Say sorry when you’ve fucked up. Just own up to it. Ignoring it or defending your actions just makes things works and fosters resentment.
Here are a couple of git commands I have mastered on the job since starting:
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Don’t get attached to code. The next release of the codebase might strip all of your code. Just let it go. The experience and the learning is not just the code accumulated on GitHub, it is the process and the choices and decisions.
This is just like Buddhist mandalas. Monks painstakingly take enormous amounts of time to build the beautiful, intricate mandalas, and then they just brush it away. It is the skill and the patience and the focus that matters, not the end result.
I recently suggested a feature for a product that I am working on at work. When the task was entered in, the description said, “As discussed with Ravi.” Everything in me felt that it should have read, “As per Ravi’s suggestion.” Normally, I am not a credential whore, but in this case, I was very uncomfortable. I took a moment to reflect and I realized that many people work because they feel it gives them purpose. Particularly in the tech field, where impostor syndrome is prevalent and where salaries are generally higher, people want to feel that they are actually adding value to their company commensurate with their pay. This is especially true for me.
There is no virtue in stealing ideas. In fact, I am always surprised that people are comfortable with it in the first place. Now, I don’t believe that there are truly new ideas in the world. I believe that we are always riding the crest of ideas which came before us. In that way, we should all be grateful to each other for taking thought beyond where thought has been before. However, I do believe that in the moment where someone has a realization, that experience is truly and utterly theirs. Stealing that from them feels like a violation. But even more detrimental is the impact that it has on the thief. How can you feel good about appreciation that you don’t rightly deserve?
This is not my first experience like this. Of course we have all experienced something like this in our lives. I once had an ex-girlfriend whose sister always rebroadcasted my jokes to her family seconds after I made them. It always made it seem like she had no sense of humor and didn’t help me to like her any more. However, in the professional world, the impact is much worse. Once, I interned at a tech startup in San Francisco. I ended up coming up with a system of using aText to save time and keystrokes in replying to emails. When we had our weekly meeting with the CEO and the CTO, another worker said, “Great job on using aText! I know Irene told you about it, but good job on running off with it!” I had three reactions:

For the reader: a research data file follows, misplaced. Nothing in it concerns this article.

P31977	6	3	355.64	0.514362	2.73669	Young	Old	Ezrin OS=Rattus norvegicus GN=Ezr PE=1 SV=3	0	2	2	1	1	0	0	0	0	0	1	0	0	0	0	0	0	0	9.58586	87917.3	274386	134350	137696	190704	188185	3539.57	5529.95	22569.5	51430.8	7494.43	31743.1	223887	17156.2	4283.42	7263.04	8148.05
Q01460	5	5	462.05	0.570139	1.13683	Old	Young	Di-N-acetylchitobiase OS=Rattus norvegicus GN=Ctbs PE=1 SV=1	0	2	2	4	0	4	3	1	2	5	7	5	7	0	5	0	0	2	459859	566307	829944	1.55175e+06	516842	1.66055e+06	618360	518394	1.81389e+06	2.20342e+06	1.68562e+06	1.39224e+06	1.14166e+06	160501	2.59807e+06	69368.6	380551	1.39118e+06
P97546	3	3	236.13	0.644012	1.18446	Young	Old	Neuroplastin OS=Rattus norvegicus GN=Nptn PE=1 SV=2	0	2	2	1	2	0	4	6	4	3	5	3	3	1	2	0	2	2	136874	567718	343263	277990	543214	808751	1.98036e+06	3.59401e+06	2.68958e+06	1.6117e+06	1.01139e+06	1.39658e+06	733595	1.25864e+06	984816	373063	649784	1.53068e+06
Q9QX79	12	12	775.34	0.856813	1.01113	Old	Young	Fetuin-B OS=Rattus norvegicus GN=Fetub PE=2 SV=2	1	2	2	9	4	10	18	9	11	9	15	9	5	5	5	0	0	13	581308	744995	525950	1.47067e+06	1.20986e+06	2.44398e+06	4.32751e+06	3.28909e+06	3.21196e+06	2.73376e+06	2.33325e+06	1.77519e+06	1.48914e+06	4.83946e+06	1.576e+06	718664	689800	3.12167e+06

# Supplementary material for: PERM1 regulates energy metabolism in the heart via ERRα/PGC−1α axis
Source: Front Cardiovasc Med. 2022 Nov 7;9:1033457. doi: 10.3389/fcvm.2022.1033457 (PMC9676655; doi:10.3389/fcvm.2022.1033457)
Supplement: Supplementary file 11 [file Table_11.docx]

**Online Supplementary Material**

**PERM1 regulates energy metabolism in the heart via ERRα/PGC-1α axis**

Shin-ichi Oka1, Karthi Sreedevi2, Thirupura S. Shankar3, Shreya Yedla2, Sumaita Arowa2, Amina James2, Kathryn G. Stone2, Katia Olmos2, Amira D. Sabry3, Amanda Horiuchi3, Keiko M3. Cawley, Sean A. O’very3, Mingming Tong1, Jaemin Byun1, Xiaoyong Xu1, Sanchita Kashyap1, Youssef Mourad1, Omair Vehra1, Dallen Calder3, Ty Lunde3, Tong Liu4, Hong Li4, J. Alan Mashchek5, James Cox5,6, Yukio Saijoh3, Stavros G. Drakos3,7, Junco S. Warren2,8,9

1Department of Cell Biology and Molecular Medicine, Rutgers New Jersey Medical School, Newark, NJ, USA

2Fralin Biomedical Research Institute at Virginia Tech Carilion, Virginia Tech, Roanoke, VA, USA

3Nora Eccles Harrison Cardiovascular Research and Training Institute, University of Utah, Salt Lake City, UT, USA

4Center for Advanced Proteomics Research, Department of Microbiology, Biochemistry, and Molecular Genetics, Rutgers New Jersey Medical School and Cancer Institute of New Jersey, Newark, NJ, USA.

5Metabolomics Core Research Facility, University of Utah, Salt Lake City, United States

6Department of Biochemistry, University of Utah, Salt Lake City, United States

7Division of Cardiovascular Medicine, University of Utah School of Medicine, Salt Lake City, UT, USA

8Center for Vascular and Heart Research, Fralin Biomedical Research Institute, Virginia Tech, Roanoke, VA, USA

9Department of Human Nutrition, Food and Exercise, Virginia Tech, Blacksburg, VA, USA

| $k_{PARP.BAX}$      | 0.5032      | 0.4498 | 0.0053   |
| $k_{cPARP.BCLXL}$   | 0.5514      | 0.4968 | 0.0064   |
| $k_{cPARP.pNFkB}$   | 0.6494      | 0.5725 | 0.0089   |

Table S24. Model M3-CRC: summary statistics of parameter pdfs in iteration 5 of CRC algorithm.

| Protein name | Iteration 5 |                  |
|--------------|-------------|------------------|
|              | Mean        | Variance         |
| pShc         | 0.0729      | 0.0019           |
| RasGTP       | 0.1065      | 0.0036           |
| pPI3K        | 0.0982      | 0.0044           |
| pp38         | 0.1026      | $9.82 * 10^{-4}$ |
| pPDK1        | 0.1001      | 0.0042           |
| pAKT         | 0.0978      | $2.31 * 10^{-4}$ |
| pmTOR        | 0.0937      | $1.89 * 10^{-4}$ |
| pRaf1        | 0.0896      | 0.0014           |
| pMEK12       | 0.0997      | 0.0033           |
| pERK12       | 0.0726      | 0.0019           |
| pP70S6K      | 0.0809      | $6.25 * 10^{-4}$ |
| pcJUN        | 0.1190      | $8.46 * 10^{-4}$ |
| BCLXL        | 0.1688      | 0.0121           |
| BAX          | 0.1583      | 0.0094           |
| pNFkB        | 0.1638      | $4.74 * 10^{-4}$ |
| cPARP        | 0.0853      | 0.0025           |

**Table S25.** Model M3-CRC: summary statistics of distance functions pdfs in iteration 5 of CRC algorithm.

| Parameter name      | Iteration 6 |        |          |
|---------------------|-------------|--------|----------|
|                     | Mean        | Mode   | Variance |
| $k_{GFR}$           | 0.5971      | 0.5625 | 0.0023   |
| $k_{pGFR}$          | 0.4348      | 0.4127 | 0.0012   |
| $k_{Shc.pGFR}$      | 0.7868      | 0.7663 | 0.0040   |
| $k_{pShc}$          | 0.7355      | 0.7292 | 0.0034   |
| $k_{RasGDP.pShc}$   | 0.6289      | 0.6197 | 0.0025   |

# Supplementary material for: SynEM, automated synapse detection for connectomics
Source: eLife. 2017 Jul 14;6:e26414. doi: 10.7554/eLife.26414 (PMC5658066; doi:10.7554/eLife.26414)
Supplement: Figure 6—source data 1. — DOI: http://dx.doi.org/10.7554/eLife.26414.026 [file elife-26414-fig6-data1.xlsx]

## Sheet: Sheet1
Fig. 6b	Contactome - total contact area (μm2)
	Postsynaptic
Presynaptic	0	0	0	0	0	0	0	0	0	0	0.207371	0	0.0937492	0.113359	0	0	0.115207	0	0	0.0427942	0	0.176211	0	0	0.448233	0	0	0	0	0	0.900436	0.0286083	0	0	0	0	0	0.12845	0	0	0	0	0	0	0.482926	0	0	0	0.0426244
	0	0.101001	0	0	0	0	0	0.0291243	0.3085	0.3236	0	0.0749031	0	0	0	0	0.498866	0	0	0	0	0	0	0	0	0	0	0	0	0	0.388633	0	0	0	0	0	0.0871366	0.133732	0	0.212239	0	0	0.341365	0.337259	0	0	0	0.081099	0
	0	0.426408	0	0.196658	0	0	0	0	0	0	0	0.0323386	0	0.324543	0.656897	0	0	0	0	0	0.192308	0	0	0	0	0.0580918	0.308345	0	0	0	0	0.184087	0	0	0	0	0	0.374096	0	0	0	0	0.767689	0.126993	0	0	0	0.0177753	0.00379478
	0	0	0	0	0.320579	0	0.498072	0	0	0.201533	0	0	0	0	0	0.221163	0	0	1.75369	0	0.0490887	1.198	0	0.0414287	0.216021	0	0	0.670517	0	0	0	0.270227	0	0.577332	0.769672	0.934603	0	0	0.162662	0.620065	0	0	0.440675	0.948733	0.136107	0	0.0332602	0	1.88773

Surprise: This is my default reaction whenever I hear lies or things I know not to be true.
 Anger: I had just started as an intern and I wanted to contribute to the team. Here, my contribution was stolen from me and fostered resentment and division where there didn’t have to be any.
 Pity: I bet that Irene had never told him to lie about aText. As soon as I realized what he said, I looked over at her and she seemed embarrassed and just as shocked as I was . She ended up saying, “Well I haven’t even seen what you guys have done.” I felt sorry for her because if I were here, I would feel like my own contributions weren’t good enough to the point where a coworker had to falsely attribute successes to me. I would hate that.
I went home confused and angry given that I had never experienced something like that professionally before. So what did I do this time around? I took some time to reflect and write this article, and then I went right in and changed the description. Might this make me seem like a credential whore? Yes. Do I care? No. I have realized that while it might be silly to fight for credit, it is not appropriate to play down your contributions. When you own your contributions and they are recognized, either through your superior’s acknowledgment or through you going in and changing the task description yourself, you actually become a better worker because your creativity and productivity is encouraged. If you don’t take it upon yourself to create the conditions for your own success, then no one will do it for you.
The question still remains whether my superior intended to downplay my contribution at all. Honestly, I don’t think he did. But I’ll never know for sure.
Moral: Always give credit where credit is due.
Just jump in and do it.